Why it's hard to measure if living standards are rising
Adjusting for quality changes isn't a fully objective process.
Back in June I wrote an article called “24 charts that show we’re (mostly) living better than our parents.” It was not universally popular. Many people strongly believe that Americans do not, in fact, enjoy a higher standard of living than our parents. Here are two of the most common critiques:
People questioned whether the metrics I chose—especially in the car industry—represented genuine progress.
Some were incredulous at my claim that housing has not gotten more expensive over the last 30 years.
Let’s take each of these in turn.
Not all goods are actually good
This chart probably attracted the most criticism on Twitter:
I did not expect this one to be controversial! I knew that if I only showed the horsepower chart, people would object that today’s more powerful trucks are gas-guzzlers that are worsening climate change. But as the miles-per-gallon chart shows, pickup trucks today actually guzzle less gas today than they did 20 or 40 years ago.
But some critics raised a different objection. A big reason these cars and SUVs are getting more powerful is so they can also be larger and heavier. And this makes them more dangerous to others on the road—especially pedestrians.
You can raise similar objections to many other consumer products. Government statistics on economic output include products like tobacco, alcohol, guns and ammunition, and gambling that many consider harmful. And while they don’t have their own categories, spending on junk food, pornography, and abortions is also factored into official statistics.
Depending on your politics, you probably believe that at least some of these products have negative impacts on customers or the broader public. If these products become cheaper and more abundant, that isn’t necessarily something to celebrate.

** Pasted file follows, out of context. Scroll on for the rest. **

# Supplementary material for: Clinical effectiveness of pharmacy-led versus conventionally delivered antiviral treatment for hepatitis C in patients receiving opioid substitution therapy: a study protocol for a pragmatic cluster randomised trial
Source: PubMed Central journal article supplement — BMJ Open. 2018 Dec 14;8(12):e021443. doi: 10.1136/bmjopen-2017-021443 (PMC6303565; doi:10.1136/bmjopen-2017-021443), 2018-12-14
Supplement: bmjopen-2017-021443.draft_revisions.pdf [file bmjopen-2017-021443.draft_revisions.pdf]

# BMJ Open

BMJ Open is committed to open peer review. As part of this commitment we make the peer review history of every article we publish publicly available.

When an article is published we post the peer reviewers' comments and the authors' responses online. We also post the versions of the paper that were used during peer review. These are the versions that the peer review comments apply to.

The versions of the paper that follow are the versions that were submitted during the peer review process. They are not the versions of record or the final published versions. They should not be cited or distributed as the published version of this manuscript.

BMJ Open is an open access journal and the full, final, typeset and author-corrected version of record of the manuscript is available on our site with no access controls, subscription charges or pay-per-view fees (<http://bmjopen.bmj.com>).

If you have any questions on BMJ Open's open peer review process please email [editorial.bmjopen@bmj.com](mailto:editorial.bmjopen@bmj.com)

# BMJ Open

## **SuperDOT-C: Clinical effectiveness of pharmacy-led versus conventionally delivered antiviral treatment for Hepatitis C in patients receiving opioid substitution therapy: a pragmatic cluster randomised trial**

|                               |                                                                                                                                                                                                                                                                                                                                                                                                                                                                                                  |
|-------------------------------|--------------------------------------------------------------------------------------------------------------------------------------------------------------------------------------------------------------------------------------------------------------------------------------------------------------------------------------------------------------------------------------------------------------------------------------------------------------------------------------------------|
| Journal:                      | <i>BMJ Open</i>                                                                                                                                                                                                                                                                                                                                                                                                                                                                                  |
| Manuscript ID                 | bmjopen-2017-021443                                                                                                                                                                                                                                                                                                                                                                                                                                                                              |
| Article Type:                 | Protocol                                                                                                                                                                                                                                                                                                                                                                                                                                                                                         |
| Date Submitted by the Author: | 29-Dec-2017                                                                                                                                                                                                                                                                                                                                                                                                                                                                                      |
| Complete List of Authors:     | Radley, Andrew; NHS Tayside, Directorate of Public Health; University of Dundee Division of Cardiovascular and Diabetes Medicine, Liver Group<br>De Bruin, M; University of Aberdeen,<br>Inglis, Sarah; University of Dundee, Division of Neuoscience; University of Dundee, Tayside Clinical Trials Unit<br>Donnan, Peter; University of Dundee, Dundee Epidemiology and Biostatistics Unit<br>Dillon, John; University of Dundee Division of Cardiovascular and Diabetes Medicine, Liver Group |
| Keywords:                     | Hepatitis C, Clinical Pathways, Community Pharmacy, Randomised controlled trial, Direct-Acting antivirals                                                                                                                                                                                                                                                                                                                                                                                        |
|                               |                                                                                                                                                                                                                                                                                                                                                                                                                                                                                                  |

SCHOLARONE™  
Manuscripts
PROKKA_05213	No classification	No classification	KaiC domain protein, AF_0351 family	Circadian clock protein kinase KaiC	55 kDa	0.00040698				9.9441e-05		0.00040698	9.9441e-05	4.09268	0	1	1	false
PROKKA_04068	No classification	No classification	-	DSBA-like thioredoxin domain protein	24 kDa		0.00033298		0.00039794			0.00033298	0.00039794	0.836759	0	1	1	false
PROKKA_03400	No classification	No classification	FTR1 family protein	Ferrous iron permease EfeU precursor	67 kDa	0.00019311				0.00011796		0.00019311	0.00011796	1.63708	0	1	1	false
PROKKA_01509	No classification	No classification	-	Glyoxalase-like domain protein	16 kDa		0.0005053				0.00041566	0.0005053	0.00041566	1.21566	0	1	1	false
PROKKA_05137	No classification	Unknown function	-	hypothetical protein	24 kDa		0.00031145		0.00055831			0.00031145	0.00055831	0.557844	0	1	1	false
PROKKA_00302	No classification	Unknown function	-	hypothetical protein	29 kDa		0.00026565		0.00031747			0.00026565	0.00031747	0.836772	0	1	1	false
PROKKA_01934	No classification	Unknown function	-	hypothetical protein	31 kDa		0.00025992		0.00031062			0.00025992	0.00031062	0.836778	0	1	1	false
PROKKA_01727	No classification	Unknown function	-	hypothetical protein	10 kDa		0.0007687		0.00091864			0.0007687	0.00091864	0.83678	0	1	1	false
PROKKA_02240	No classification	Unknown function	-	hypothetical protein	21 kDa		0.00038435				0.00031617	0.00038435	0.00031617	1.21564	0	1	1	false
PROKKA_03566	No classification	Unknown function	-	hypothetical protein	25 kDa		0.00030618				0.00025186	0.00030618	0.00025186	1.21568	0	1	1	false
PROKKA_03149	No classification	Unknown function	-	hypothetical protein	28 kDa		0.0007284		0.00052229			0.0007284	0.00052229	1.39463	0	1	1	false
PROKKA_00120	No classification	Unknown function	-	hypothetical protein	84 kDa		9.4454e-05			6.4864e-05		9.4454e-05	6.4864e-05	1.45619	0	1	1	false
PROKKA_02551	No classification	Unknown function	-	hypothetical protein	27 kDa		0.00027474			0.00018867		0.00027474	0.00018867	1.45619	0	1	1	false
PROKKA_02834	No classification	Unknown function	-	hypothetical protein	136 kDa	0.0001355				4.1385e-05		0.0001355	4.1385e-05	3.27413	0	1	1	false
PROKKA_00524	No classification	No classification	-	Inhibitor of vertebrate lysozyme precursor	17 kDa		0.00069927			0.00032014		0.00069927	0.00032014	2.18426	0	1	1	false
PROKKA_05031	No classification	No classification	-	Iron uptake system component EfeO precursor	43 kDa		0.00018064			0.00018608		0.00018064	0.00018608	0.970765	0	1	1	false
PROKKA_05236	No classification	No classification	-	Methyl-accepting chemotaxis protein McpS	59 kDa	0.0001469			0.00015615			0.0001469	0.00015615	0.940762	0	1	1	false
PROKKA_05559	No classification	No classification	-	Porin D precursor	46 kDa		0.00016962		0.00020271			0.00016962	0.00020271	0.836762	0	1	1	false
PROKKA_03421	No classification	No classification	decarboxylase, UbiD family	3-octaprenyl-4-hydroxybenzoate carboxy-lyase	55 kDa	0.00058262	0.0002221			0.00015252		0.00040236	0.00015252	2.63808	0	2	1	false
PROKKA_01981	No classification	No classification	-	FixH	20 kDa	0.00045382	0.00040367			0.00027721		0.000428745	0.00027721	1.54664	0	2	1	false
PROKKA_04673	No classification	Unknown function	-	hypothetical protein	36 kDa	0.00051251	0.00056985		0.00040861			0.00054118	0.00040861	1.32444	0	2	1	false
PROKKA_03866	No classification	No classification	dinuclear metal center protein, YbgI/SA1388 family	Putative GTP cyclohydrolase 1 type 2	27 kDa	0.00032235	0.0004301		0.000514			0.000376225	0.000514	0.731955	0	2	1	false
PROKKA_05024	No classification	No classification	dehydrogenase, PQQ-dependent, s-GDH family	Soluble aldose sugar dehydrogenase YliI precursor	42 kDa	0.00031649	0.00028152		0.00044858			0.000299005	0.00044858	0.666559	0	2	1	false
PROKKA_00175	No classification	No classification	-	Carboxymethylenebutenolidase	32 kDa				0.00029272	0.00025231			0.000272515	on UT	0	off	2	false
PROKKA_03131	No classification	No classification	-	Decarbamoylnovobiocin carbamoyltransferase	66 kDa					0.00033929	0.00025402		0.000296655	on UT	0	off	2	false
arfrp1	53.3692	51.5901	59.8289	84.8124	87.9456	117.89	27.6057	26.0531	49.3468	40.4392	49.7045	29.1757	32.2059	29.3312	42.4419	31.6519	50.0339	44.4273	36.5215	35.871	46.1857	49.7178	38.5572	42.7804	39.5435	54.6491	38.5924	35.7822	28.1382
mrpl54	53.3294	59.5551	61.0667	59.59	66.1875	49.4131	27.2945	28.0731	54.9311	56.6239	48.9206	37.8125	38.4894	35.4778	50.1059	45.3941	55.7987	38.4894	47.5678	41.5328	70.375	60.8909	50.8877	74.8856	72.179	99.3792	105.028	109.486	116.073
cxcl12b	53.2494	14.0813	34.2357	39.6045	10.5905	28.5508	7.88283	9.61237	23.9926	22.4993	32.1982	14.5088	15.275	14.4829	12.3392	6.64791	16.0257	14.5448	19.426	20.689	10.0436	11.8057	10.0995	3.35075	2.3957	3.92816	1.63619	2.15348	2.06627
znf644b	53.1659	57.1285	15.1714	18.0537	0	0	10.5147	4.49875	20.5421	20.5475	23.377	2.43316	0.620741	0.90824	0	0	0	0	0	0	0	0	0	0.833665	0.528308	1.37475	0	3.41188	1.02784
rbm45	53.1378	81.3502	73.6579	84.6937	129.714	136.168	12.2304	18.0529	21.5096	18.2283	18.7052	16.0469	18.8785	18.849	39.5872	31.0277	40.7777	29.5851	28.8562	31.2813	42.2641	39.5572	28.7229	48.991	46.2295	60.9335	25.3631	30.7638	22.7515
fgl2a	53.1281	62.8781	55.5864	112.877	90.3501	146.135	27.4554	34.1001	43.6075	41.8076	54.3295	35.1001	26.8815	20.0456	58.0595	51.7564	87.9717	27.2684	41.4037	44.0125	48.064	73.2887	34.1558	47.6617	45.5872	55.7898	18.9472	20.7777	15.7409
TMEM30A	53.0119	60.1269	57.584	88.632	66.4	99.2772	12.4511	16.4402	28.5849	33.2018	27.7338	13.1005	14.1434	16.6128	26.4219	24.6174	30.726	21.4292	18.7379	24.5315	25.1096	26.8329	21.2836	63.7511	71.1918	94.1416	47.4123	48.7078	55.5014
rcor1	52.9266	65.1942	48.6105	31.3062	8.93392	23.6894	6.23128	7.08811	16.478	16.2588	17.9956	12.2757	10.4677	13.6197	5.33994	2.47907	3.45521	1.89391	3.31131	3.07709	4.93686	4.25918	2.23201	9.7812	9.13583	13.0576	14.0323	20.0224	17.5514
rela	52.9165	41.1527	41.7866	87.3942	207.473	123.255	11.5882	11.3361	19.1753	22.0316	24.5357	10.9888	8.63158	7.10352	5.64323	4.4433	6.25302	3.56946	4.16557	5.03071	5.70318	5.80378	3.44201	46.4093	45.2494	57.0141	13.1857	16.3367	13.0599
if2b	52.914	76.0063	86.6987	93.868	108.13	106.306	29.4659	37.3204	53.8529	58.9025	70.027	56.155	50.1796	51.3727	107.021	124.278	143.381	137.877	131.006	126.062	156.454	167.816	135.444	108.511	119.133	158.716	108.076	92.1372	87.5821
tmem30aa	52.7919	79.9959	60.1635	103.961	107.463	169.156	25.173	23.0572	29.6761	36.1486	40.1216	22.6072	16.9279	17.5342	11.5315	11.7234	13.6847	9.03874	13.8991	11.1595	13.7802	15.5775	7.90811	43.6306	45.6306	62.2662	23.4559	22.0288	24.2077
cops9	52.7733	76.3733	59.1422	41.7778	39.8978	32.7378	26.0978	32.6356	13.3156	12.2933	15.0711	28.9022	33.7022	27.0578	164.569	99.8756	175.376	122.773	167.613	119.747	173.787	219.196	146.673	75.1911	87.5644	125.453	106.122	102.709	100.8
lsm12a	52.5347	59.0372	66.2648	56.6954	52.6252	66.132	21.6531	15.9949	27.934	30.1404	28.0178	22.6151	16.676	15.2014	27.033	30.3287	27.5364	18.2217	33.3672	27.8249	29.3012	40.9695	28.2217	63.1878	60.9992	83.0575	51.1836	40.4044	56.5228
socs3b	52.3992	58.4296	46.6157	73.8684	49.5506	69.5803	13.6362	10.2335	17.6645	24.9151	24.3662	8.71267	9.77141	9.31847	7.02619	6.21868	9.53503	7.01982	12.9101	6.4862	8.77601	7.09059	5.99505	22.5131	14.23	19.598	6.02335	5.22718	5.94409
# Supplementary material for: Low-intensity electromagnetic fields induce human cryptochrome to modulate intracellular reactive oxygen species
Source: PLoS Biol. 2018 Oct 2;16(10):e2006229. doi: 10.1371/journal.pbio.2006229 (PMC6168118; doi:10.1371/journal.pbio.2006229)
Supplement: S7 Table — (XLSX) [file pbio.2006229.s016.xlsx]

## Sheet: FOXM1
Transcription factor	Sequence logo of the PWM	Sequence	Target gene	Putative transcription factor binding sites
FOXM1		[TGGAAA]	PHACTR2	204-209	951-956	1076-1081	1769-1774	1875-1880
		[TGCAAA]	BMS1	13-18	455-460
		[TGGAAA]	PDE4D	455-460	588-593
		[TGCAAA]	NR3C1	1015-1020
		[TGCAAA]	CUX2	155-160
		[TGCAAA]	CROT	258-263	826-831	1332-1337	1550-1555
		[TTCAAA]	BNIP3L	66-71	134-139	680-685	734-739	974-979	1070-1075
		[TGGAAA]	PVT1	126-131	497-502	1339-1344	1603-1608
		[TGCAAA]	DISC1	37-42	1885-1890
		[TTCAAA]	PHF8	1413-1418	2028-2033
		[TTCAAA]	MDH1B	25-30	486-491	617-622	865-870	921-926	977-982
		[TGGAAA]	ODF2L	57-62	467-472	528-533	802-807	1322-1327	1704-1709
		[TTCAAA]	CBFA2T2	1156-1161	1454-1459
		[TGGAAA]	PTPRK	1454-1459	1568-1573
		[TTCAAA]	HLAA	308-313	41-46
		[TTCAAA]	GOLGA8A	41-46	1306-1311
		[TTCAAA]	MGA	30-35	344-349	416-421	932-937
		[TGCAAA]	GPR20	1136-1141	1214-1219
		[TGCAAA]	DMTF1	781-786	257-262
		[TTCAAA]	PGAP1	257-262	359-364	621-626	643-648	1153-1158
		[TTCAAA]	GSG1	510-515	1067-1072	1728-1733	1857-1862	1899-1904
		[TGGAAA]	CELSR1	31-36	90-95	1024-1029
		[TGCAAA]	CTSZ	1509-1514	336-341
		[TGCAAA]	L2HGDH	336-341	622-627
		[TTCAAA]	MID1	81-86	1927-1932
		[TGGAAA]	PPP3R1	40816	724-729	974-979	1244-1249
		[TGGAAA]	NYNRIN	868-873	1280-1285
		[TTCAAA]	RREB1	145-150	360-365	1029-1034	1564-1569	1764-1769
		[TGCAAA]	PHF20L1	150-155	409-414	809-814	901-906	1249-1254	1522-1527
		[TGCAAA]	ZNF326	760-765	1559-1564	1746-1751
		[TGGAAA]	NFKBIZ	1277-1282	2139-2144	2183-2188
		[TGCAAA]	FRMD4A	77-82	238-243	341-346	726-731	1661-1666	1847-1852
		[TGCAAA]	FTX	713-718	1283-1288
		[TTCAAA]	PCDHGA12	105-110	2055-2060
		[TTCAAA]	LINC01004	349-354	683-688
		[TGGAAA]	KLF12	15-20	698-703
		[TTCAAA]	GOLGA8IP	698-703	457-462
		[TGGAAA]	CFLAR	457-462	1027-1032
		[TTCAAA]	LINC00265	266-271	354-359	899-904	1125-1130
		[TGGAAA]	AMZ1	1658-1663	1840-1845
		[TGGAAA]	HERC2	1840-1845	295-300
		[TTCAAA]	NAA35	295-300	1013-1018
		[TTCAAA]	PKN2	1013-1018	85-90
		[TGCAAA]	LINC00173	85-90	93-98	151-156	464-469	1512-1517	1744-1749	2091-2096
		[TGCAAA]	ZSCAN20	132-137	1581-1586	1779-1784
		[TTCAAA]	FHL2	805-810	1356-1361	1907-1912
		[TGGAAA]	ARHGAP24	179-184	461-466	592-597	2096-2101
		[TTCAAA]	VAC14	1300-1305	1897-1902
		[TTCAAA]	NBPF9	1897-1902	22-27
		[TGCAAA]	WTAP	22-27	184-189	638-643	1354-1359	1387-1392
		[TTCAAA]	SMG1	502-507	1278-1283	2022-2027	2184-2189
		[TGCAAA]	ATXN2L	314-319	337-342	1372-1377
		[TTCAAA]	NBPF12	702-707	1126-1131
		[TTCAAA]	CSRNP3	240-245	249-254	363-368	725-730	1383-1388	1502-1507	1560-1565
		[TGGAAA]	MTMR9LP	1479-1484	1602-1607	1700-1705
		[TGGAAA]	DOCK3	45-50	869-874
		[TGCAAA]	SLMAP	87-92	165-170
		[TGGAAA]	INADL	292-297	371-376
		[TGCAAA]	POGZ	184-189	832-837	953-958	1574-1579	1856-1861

Another example: in a recent (paywalled) post, Matt Yglesias observed that drugs like fentanyl and methamphetamine have gotten more potent and hence more abundant over time. While this is technological progress of a sort, few people would argue it has promoted human flourishing. Matt also worries that online video streaming is crowding out face-to-face interactions, leading to reduced participation in the workforce, dating market, and civil society more generally.
All of which is to say that statistics like gross domestic product are an imperfect way to measure a society’s overall wellbeing. You could imagine a statistical agency trying to compute an alternative measure of economic output that takes these concerns into account. Maybe it would exclude categories like tobacco and junk food. But this would quickly become a quagmire. Liberals, for example, would want to count abortion but exclude guns, while conservatives would want to do the opposite.
To return to my original example, people would sharply disagree about whether heavier trucks and SUVs represent an increase in quality (since they are more comfortable and safer for their passengers) or a decrease in quality (since they are more dangerous to pedestrians and bad for the environment).
So for all their flaws, I think traditional measures of living standards are valuable. “Are we producing more stuff than we did last year” is a fairly objective question that can be answered more or less objectively by an impartial government agency. “Are we buying too many harmful products” just isn’t.
My original piece was framed as a response to politicians like Bernie Sanders and Donald Trump who claim that our standard of living has been falling in recent years. That’s a claim that incomes are declining—it’s not a claim that our incomes are rising but we’re buying too many cigarettes, donuts, and gas-guzzling SUVs.
Is housing getting more or less affordable?
In recent years, I’ve written many articles about America’s growing housing shortage, and I continue to think this is one of the biggest problems in the American economy. So I was surprised when I started digging into the data underlying this chart: